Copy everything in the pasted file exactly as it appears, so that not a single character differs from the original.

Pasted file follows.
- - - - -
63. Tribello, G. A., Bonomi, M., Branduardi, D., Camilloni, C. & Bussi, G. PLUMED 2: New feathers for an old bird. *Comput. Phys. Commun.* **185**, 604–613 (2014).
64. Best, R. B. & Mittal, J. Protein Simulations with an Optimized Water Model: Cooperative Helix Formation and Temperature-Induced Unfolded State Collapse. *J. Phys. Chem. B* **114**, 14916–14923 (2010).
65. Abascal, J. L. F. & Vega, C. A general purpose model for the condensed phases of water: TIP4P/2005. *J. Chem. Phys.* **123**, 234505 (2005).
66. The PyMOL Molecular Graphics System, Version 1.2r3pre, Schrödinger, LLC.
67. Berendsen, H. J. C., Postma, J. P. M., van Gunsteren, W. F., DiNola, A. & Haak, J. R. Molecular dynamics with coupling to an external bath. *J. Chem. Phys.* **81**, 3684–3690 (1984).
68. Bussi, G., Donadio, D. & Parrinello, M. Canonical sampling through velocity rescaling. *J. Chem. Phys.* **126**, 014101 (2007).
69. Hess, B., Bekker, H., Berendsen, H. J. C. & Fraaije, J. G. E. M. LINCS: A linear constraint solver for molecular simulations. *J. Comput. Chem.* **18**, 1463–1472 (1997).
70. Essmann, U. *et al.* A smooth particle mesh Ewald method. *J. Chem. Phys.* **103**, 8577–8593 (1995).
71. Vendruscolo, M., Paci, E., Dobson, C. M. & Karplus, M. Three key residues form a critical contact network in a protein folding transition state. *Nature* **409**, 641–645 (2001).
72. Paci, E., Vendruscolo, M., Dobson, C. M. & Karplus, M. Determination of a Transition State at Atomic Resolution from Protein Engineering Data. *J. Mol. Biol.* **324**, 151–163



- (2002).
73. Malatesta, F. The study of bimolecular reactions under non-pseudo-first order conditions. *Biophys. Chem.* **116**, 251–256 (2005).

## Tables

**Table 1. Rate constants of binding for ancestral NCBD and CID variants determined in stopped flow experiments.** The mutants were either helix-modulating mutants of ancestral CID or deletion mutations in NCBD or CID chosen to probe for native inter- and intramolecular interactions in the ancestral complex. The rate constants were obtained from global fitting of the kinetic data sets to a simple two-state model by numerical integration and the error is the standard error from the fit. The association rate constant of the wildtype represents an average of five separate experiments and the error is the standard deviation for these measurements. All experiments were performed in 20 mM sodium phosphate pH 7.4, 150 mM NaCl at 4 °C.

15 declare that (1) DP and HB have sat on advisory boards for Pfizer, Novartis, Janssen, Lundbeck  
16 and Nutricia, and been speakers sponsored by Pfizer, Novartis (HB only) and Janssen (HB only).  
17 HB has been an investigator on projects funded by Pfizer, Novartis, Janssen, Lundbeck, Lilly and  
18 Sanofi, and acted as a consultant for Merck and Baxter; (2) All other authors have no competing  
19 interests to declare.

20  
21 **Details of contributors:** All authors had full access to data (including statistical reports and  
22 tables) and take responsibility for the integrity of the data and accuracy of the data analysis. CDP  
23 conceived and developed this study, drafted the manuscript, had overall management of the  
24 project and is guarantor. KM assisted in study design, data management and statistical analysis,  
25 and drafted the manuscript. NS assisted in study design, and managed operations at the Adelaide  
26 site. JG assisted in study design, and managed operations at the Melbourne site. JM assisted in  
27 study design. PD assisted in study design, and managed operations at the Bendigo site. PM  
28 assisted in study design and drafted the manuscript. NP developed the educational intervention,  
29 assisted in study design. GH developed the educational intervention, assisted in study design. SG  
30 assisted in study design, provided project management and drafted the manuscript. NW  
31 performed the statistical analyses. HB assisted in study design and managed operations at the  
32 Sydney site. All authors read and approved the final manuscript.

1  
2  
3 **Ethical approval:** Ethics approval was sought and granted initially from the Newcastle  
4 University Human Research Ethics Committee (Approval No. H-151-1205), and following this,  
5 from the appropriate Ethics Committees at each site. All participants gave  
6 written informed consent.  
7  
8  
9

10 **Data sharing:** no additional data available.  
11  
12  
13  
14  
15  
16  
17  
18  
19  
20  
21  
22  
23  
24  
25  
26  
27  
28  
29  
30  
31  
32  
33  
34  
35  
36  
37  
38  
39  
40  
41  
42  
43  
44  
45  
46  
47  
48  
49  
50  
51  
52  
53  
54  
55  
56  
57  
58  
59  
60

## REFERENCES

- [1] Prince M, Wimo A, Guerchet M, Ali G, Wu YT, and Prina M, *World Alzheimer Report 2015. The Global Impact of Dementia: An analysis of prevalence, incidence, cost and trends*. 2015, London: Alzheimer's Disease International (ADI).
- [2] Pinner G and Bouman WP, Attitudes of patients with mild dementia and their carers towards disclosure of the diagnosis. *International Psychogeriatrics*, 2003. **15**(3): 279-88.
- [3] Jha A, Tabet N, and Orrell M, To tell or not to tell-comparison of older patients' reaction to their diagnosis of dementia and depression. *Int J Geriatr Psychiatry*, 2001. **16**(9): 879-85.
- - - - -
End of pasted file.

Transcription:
63. Tribello, G. A., Bonomi, M., Branduardi, D., Camilloni, C. & Bussi, G. PLUMED 2: New feathers for an old bird. *Comput. Phys. Commun.* **185**, 604–613 (2014).
64. Best, R. B. & Mittal, J. Protein Simulations with an Optimized Water Model: Cooperative Helix Formation and Temperature-Induced Unfolded State Collapse. *J. Phys. Chem. B* **114**, 14916–14923 (2010).
65. Abascal, J. L. F. & Vega, C. A general purpose model for the condensed phases of water: TIP4P/2005. *J. Chem. Phys.* **123**, 234505 (2005).
66. The PyMOL Molecular Graphics System, Version 1.2r3pre, Schrödinger, LLC.
67. Berendsen, H. J. C., Postma, J. P. M., van Gunsteren, W. F., DiNola, A. & Haak, J. R. Molecular dynamics with coupling to an external bath. *J. Chem. Phys.* **81**, 3684–3690 (1984).
68. Bussi, G., Donadio, D. & Parrinello, M. Canonical sampling through velocity rescaling. *J. Chem. Phys.* **126**, 014101 (2007).
69. Hess, B., Bekker, H., Berendsen, H. J. C. & Fraaije, J. G. E. M. LINCS: A linear constraint solver for molecular simulations. *J. Comput. Chem.* **18**, 1463–1472 (1997).
70. Essmann, U. *et al.* A smooth particle mesh Ewald method. *J. Chem. Phys.* **103**, 8577–8593 (1995).
71. Vendruscolo, M., Paci, E., Dobson, C. M. & Karplus, M. Three key residues form a critical contact network in a protein folding transition state. *Nature* **409**, 641–645 (2001).
72. Paci, E., Vendruscolo, M., Dobson, C. M. & Karplus, M. Determination of a Transition State at Atomic Resolution from Protein Engineering Data. *J. Mol. Biol.* **324**, 151–163



- (2002).
73. Malatesta, F. The study of bimolecular reactions under non-pseudo-first order conditions. *Biophys. Chem.* **116**, 251–256 (2005).

## Tables

**Table 1. Rate constants of binding for ancestral NCBD and CID variants determined in stopped flow experiments.** The mutants were either helix-modulating mutants of ancestral CID or deletion mutations in NCBD or CID chosen to probe for native inter- and intramolecular interactions in the ancestral complex. The rate constants were obtained from global fitting of the kinetic data sets to a simple two-state model by numerical integration and the error is the standard error from the fit. The association rate constant of the wildtype represents an average of five separate experiments and the error is the standard deviation for these measurements. All experiments were performed in 20 mM sodium phosphate pH 7.4, 150 mM NaCl at 4 °C.

15 declare that (1) DP and HB have sat on advisory boards for Pfizer, Novartis, Janssen, Lundbeck  
16 and Nutricia, and been speakers sponsored by Pfizer, Novartis (HB only) and Janssen (HB only).  
17 HB has been an investigator on projects funded by Pfizer, Novartis, Janssen, Lundbeck, Lilly and  
18 Sanofi, and acted as a consultant for Merck and Baxter; (2) All other authors have no competing  
19 interests to declare.

20  
21 **Details of contributors:** All authors had full access to data (including statistical reports and  
22 tables) and take responsibility for the integrity of the data and accuracy of the data analysis. CDP  
23 conceived and developed this study, drafted the manuscript, had overall management of the  
24 project and is guarantor. KM assisted in study design, data management and statistical analysis,  
25 and drafted the manuscript. NS assisted in study design, and managed operations at the Adelaide  
26 site. JG assisted in study design, and managed operations at the Melbourne site. JM assisted in  
27 study design. PD assisted in study design, and managed operations at the Bendigo site. PM  
28 assisted in study design and drafted the manuscript. NP developed the educational intervention,  
29 assisted in study design. GH developed the educational intervention, assisted in study design. SG  
30 assisted in study design, provided project management and drafted the manuscript. NW  
31 performed the statistical analyses. HB assisted in study design and managed operations at the  
32 Sydney site. All authors read and approved the final manuscript.

1  
2  
3 **Ethical approval:** Ethics approval was sought and granted initially from the Newcastle  
4 University Human Research Ethics Committee (Approval No. H-151-1205), and following this,  
5 from the appropriate Ethics Committees at each site. All participants gave  
6 written informed consent.  
7  
8  
9

10 **Data sharing:** no additional data available.  
11  
12  
13  
14  
15  
16  
17  
18  
19  
20  
21  
22  
23  
24  
25  
26  
27  
28  
29  
30  
31  
32  
33  
34  
35  
36  
37  
38  
39  
40  
41  
42  
43  
44  
45  
46  
47  
48  
49  
50  
51  
52  
53  
54  
55  
56  
57  
58  
59  
60

## REFERENCES

- [1] Prince M, Wimo A, Guerchet M, Ali G, Wu YT, and Prina M, *World Alzheimer Report 2015. The Global Impact of Dementia: An analysis of prevalence, incidence, cost and trends*. 2015, London: Alzheimer's Disease International (ADI).
- [2] Pinner G and Bouman WP, Attitudes of patients with mild dementia and their carers towards disclosure of the diagnosis. *International Psychogeriatrics*, 2003. **15**(3): 279-88.
- [3] Jha A, Tabet N, and Orrell M, To tell or not to tell-comparison of older patients' reaction to their diagnosis of dementia and depression. *Int J Geriatr Psychiatry*, 2001. **16**(9): 879-85.